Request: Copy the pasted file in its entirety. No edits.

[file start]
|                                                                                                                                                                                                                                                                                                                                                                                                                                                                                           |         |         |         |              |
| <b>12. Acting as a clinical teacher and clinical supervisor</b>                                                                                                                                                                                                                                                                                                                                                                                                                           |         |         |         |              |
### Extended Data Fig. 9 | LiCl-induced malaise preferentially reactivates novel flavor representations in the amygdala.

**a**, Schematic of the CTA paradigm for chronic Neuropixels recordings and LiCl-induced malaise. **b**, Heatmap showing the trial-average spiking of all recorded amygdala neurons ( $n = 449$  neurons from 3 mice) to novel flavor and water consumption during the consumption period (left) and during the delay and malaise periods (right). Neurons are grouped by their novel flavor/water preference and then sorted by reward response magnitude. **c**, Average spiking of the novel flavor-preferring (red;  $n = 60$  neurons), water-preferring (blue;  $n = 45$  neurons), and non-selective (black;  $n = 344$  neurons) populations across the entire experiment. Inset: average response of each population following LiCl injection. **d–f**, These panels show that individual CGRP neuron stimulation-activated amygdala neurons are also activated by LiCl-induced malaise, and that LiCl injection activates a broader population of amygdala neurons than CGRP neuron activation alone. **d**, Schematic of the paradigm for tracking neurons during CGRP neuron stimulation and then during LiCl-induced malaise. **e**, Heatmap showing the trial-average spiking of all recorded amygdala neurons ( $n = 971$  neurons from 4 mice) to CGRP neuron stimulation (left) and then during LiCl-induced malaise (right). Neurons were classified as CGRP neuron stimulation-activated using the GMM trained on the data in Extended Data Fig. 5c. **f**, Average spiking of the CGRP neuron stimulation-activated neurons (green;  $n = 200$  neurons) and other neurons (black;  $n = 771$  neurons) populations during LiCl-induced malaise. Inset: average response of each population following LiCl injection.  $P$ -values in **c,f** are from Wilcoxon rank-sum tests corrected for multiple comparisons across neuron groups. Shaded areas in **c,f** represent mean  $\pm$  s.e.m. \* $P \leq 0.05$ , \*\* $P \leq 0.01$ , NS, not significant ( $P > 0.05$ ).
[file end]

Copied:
|                                                                                                                                                                                                                                                                                                                                                                                                                                                                                           |         |         |         |              |
| <b>12. Acting as a clinical teacher and clinical supervisor</b>                                                                                                                                                                                                                                                                                                                                                                                                                           |         |         |         |              |
### Extended Data Fig. 9 | LiCl-induced malaise preferentially reactivates novel flavor representations in the amygdala.

**a**, Schematic of the CTA paradigm for chronic Neuropixels recordings and LiCl-induced malaise. **b**, Heatmap showing the trial-average spiking of all recorded amygdala neurons ( $n = 449$  neurons from 3 mice) to novel flavor and water consumption during the consumption period (left) and during the delay and malaise periods (right). Neurons are grouped by their novel flavor/water preference and then sorted by reward response magnitude. **c**, Average spiking of the novel flavor-preferring (red;  $n = 60$  neurons), water-preferring (blue;  $n = 45$  neurons), and non-selective (black;  $n = 344$  neurons) populations across the entire experiment. Inset: average response of each population following LiCl injection. **d–f**, These panels show that individual CGRP neuron stimulation-activated amygdala neurons are also activated by LiCl-induced malaise, and that LiCl injection activates a broader population of amygdala neurons than CGRP neuron activation alone. **d**, Schematic of the paradigm for tracking neurons during CGRP neuron stimulation and then during LiCl-induced malaise. **e**, Heatmap showing the trial-average spiking of all recorded amygdala neurons ( $n = 971$  neurons from 4 mice) to CGRP neuron stimulation (left) and then during LiCl-induced malaise (right). Neurons were classified as CGRP neuron stimulation-activated using the GMM trained on the data in Extended Data Fig. 5c. **f**, Average spiking of the CGRP neuron stimulation-activated neurons (green;  $n = 200$  neurons) and other neurons (black;  $n = 771$  neurons) populations during LiCl-induced malaise. Inset: average response of each population following LiCl injection.  $P$ -values in **c,f** are from Wilcoxon rank-sum tests corrected for multiple comparisons across neuron groups. Shaded areas in **c,f** represent mean  $\pm$  s.e.m. \* $P \leq 0.05$ , \*\* $P \leq 0.01$ , NS, not significant ( $P > 0.05$ ).